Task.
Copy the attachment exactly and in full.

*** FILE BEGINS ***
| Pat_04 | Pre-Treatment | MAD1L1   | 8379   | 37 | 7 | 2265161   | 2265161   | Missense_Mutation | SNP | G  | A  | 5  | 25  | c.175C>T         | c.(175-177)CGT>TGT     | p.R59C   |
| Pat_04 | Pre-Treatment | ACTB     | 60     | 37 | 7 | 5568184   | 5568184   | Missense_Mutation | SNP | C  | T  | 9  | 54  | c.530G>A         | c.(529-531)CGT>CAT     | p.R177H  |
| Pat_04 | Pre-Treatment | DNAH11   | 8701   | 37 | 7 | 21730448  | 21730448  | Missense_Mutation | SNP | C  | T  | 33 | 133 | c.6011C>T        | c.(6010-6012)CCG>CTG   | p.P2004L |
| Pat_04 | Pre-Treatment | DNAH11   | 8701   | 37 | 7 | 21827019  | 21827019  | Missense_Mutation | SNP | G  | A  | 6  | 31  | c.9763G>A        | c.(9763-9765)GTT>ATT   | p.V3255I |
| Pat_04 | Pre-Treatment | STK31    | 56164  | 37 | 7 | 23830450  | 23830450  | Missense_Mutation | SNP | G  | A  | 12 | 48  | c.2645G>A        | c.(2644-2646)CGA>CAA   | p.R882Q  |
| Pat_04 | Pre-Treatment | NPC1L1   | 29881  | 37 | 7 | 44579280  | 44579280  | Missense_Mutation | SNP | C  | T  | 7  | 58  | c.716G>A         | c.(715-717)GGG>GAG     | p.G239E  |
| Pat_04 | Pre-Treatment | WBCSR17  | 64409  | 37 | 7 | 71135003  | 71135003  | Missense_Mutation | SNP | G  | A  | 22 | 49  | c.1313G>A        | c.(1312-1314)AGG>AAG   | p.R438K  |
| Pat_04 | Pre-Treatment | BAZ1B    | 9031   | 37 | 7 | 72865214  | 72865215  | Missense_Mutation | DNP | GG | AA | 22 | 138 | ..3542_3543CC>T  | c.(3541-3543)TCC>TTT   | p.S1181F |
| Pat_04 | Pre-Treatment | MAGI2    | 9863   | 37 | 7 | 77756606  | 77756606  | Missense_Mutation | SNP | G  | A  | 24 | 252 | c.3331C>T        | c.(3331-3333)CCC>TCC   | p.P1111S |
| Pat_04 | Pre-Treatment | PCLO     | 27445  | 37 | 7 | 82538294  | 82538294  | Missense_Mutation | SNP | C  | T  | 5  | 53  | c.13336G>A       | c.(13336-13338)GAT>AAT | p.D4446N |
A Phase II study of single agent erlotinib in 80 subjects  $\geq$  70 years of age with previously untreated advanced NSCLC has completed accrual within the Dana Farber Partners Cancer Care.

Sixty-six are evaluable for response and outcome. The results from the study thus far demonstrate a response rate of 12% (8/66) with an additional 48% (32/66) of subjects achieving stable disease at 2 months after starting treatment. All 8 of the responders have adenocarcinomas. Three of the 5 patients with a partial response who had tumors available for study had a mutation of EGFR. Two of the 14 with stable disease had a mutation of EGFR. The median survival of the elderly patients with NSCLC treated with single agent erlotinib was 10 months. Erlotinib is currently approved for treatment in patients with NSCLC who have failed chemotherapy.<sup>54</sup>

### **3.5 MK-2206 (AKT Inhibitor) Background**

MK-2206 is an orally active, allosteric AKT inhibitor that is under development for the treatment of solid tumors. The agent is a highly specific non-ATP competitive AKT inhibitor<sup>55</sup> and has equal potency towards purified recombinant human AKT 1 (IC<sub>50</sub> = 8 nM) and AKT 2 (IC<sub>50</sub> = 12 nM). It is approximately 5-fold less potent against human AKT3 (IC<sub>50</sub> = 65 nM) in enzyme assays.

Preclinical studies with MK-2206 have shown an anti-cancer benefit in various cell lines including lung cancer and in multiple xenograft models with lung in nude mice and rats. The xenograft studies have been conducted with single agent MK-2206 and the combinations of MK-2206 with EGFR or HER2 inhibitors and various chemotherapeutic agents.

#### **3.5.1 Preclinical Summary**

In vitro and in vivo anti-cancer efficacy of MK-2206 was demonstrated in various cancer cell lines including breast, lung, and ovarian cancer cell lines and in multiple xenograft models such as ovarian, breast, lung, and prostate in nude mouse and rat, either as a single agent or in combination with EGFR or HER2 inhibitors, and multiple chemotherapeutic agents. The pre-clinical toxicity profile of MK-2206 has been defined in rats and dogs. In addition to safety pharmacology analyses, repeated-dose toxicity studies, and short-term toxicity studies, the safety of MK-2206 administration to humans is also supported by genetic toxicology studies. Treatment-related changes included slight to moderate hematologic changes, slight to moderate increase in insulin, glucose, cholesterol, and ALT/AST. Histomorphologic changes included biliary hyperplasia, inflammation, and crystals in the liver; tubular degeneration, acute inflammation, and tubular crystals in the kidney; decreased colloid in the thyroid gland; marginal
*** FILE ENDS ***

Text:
| Pat_04 | Pre-Treatment | MAD1L1   | 8379   | 37 | 7 | 2265161   | 2265161   | Missense_Mutation | SNP | G  | A  | 5  | 25  | c.175C>T         | c.(175-177)CGT>TGT     | p.R59C   |
| Pat_04 | Pre-Treatment | ACTB     | 60     | 37 | 7 | 5568184   | 5568184   | Missense_Mutation | SNP | C  | T  | 9  | 54  | c.530G>A         | c.(529-531)CGT>CAT     | p.R177H  |
| Pat_04 | Pre-Treatment | DNAH11   | 8701   | 37 | 7 | 21730448  | 21730448  | Missense_Mutation | SNP | C  | T  | 33 | 133 | c.6011C>T        | c.(6010-6012)CCG>CTG   | p.P2004L |
| Pat_04 | Pre-Treatment | DNAH11   | 8701   | 37 | 7 | 21827019  | 21827019  | Missense_Mutation | SNP | G  | A  | 6  | 31  | c.9763G>A        | c.(9763-9765)GTT>ATT   | p.V3255I |
| Pat_04 | Pre-Treatment | STK31    | 56164  | 37 | 7 | 23830450  | 23830450  | Missense_Mutation | SNP | G  | A  | 12 | 48  | c.2645G>A        | c.(2644-2646)CGA>CAA   | p.R882Q  |
| Pat_04 | Pre-Treatment | NPC1L1   | 29881  | 37 | 7 | 44579280  | 44579280  | Missense_Mutation | SNP | C  | T  | 7  | 58  | c.716G>A         | c.(715-717)GGG>GAG     | p.G239E  |
| Pat_04 | Pre-Treatment | WBCSR17  | 64409  | 37 | 7 | 71135003  | 71135003  | Missense_Mutation | SNP | G  | A  | 22 | 49  | c.1313G>A        | c.(1312-1314)AGG>AAG   | p.R438K  |
| Pat_04 | Pre-Treatment | BAZ1B    | 9031   | 37 | 7 | 72865214  | 72865215  | Missense_Mutation | DNP | GG | AA | 22 | 138 | ..3542_3543CC>T  | c.(3541-3543)TCC>TTT   | p.S1181F |
| Pat_04 | Pre-Treatment | MAGI2    | 9863   | 37 | 7 | 77756606  | 77756606  | Missense_Mutation | SNP | G  | A  | 24 | 252 | c.3331C>T        | c.(3331-3333)CCC>TCC   | p.P1111S |
| Pat_04 | Pre-Treatment | PCLO     | 27445  | 37 | 7 | 82538294  | 82538294  | Missense_Mutation | SNP | C  | T  | 5  | 53  | c.13336G>A       | c.(13336-13338)GAT>AAT | p.D4446N |
A Phase II study of single agent erlotinib in 80 subjects  $\geq$  70 years of age with previously untreated advanced NSCLC has completed accrual within the Dana Farber Partners Cancer Care.

Sixty-six are evaluable for response and outcome. The results from the study thus far demonstrate a response rate of 12% (8/66) with an additional 48% (32/66) of subjects achieving stable disease at 2 months after starting treatment. All 8 of the responders have adenocarcinomas. Three of the 5 patients with a partial response who had tumors available for study had a mutation of EGFR. Two of the 14 with stable disease had a mutation of EGFR. The median survival of the elderly patients with NSCLC treated with single agent erlotinib was 10 months. Erlotinib is currently approved for treatment in patients with NSCLC who have failed chemotherapy.<sup>54</sup>

### **3.5 MK-2206 (AKT Inhibitor) Background**

MK-2206 is an orally active, allosteric AKT inhibitor that is under development for the treatment of solid tumors. The agent is a highly specific non-ATP competitive AKT inhibitor<sup>55</sup> and has equal potency towards purified recombinant human AKT 1 (IC<sub>50</sub> = 8 nM) and AKT 2 (IC<sub>50</sub> = 12 nM). It is approximately 5-fold less potent against human AKT3 (IC<sub>50</sub> = 65 nM) in enzyme assays.

Preclinical studies with MK-2206 have shown an anti-cancer benefit in various cell lines including lung cancer and in multiple xenograft models with lung in nude mice and rats. The xenograft studies have been conducted with single agent MK-2206 and the combinations of MK-2206 with EGFR or HER2 inhibitors and various chemotherapeutic agents.

#### **3.5.1 Preclinical Summary**

In vitro and in vivo anti-cancer efficacy of MK-2206 was demonstrated in various cancer cell lines including breast, lung, and ovarian cancer cell lines and in multiple xenograft models such as ovarian, breast, lung, and prostate in nude mouse and rat, either as a single agent or in combination with EGFR or HER2 inhibitors, and multiple chemotherapeutic agents. The pre-clinical toxicity profile of MK-2206 has been defined in rats and dogs. In addition to safety pharmacology analyses, repeated-dose toxicity studies, and short-term toxicity studies, the safety of MK-2206 administration to humans is also supported by genetic toxicology studies. Treatment-related changes included slight to moderate hematologic changes, slight to moderate increase in insulin, glucose, cholesterol, and ALT/AST. Histomorphologic changes included biliary hyperplasia, inflammation, and crystals in the liver; tubular degeneration, acute inflammation, and tubular crystals in the kidney; decreased colloid in the thyroid gland; marginal